Unless the U.S. and Canadian governments act soon, many of us could be sitting in the dark again as we were during the blackout of August 14, 2003 that shut down much of the U.S. Northeast and Ontario, Canada. Both governments are failing to protect us from electricity blackouts. They are sitting on a recommendation made by their own joint blackout task force to commission an independent study of the contribution of electricity deregulation to blackouts. Unfortunately, even though no such study has been undertaken, the U.S. government and several U. S. states and Canadian provinces are moving ahead with electricity deregulation and restructuring without considering the problems such policies could cause.
Deregulation was fingered by presenters as the culprit during hearings by the U.S.-Canadian Power System Outage Task Force on the August 14, 2003 electricity blackout. They pointed out that the electricity system is run down because deregulation dangled big Enron-sized dollars in front of utilities, which, instead of attending to infrastructure, chased electricity trading money.
There wasn’t enough concern about controlling all these new deregulated companies. The old regulated utility companies, which used to look after the system, were broken into pieces and sold off to big energy holding companies.
Prior to restructuring and deregulation, the goal of utilities was reliable service at minimum long-term cost. In contrast, the goal of newly restructured organizations in a deregulated environment is short-term profit with little concern for the overall system. This has resulted in the shedding of 200,000 workers in the U.S. and Canada, losing their expertise needed to run the system, and reducing training and vital equipment maintenance.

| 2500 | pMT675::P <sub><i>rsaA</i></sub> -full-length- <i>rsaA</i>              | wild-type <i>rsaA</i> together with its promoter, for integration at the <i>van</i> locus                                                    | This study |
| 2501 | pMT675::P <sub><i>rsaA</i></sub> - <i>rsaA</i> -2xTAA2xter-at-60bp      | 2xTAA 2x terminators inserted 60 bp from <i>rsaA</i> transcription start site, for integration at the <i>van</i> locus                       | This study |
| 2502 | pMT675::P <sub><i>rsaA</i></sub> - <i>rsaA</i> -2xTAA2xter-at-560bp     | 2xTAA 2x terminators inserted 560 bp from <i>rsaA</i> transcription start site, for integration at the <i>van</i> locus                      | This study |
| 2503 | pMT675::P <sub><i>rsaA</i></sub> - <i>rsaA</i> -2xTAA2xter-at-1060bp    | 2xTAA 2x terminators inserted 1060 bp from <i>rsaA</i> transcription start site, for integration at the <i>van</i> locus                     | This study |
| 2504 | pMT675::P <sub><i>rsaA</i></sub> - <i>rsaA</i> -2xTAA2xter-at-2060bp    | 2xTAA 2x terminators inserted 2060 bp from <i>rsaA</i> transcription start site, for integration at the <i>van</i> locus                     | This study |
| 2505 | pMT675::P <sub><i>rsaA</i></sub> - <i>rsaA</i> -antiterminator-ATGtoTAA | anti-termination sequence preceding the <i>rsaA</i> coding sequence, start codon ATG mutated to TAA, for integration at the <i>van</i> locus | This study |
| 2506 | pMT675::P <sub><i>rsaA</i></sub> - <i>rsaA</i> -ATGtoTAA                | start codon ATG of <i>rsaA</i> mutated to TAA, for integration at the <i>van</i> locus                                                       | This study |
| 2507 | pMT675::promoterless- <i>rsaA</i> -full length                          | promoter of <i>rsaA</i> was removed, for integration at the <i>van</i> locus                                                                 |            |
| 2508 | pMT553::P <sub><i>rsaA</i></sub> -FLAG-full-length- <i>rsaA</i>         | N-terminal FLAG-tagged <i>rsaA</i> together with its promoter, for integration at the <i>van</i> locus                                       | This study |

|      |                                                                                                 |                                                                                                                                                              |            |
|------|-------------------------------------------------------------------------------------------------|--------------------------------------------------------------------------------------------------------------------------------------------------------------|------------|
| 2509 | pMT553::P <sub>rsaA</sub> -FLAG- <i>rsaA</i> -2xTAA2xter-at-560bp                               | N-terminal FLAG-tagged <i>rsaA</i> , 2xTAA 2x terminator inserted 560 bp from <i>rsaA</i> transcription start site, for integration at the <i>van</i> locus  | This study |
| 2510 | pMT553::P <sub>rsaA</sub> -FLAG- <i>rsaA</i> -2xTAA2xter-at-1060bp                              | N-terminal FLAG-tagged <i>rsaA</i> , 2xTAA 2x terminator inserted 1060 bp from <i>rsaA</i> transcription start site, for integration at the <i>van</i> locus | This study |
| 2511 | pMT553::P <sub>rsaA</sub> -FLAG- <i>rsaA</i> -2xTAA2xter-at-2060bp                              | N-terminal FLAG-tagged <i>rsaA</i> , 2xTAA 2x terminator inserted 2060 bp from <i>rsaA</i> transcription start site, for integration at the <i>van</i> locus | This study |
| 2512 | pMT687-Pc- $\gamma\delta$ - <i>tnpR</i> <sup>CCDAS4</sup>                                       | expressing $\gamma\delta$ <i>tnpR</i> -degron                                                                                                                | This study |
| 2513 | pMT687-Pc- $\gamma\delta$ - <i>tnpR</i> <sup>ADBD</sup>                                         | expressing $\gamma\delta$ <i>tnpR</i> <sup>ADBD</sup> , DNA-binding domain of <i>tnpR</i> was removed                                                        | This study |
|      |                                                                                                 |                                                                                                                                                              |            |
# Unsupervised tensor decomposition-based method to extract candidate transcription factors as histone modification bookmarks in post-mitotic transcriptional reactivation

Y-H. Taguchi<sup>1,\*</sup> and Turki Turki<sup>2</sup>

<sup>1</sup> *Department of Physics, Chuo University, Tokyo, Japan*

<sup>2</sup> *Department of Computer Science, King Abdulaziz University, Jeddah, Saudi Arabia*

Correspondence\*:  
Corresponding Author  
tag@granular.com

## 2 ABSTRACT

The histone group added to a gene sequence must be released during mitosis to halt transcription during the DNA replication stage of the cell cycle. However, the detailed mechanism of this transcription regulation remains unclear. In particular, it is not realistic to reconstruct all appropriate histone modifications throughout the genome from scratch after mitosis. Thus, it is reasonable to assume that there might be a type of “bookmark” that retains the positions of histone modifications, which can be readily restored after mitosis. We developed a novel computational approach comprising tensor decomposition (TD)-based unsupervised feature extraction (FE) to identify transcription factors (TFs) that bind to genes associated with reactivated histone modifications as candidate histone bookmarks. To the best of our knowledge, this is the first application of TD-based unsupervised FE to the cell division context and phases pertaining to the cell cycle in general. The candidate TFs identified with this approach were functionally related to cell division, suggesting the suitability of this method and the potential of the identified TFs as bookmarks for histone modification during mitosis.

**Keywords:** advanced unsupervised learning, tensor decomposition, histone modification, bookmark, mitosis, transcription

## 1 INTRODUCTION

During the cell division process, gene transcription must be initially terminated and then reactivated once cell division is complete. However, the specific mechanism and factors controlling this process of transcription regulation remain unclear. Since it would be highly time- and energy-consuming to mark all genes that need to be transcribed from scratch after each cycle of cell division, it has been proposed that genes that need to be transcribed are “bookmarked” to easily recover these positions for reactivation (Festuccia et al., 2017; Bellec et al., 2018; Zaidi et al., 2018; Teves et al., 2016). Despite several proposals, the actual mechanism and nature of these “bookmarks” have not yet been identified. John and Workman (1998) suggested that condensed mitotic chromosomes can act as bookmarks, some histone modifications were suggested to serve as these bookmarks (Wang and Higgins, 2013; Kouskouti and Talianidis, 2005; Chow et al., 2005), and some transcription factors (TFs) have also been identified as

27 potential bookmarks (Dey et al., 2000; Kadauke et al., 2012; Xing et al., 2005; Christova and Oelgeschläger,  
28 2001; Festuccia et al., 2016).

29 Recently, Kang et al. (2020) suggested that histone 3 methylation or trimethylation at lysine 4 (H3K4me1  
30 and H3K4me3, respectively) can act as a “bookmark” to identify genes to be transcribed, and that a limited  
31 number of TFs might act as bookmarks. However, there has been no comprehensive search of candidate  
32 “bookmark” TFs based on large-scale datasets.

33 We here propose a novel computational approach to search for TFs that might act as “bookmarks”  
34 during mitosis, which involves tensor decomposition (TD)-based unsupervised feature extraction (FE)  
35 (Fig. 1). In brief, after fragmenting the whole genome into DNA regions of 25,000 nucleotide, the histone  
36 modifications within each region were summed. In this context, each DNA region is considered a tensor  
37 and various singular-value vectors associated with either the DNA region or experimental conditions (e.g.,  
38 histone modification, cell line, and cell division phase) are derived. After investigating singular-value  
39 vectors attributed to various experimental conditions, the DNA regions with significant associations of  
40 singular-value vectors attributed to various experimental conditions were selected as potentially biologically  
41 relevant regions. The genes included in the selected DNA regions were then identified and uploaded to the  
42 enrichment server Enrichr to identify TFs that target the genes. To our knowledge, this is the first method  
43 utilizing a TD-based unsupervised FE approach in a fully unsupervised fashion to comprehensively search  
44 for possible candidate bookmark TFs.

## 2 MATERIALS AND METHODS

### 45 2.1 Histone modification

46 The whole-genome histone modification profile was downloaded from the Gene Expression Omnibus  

Other jurisdictions have also noticed the devastating effects of deregulation. Pointing to the origins of Italy’s September 2003 nationwide blackout, the Swiss Federal Department of Energy said that “the underlying causes... are the unresolved conflict between the trading interests of the involved countries and operators, and the technical and legal requirements for safe and reliable operation of the networks.” Simply put, deregulation has made a mess of the electricity system.
After examining reports on deregulation’s contribution to blackouts, the joint Task Force called for commissioning “an independent study of the relationships among restructuring, competition, and reliability.”
“Restructuring and competition” is a euphemism for deregulation. Unfortunately, an August 13, 2004 status report of Task Force recommendations ignored the independent study recommendation, even though the report claimed to include actions taken and challenges ahead.
On September 7, 2004, however, Nawel Kamel, Canadian Co-Lead of the Task Force, responded to questions on the independent study’s status by stating that “work on this recommendation has not been initiated yet” and that “this is a subject on which there can be divergent and strongly held opinions.”
These remarks imply that ideology or politics could be getting in the way of the duty of our respective federal governments to protect us from the loss of electricity—an essential. On November 29, 2004, the Canadian National Resources Department again confirmed that it had “not yet decided on the course of action” for the independent study.
Americans and Canadians need an investigation that looks at the contributions of government deregulation policy to the cause of devastating blackouts. It’s important to our security, our safety, our health, and our economic well-being. We need to radically reduce the risk of future blackouts. Only by studying and understanding this problem can we fix it.
We call on the governments of the U.S. and Canada to put politics and ideology aside and commission an independent study of deregulation’s effects on electricity reliability. We also ask that federal, state, and provincial governments put deregulation plans on hold until we know whether or not we are headed in the right direction.
(Tom Campbell is a former chairman & CEO of Ontario Hydro; Jack Casazza is a member of Power Engineers Supporting Truth, a former utility executive, and a winner of national and international awards for development of electric power systems; Marjorie Griffin Cohen is an economist and Professor of Political Science at Simon Fraser University and a former board member of British Columbia Hydro; John Wilson, P.Eng., is a former board member of Hydro One; and Carl Wood is a former Commissioner of the California Public Utilities Commission.)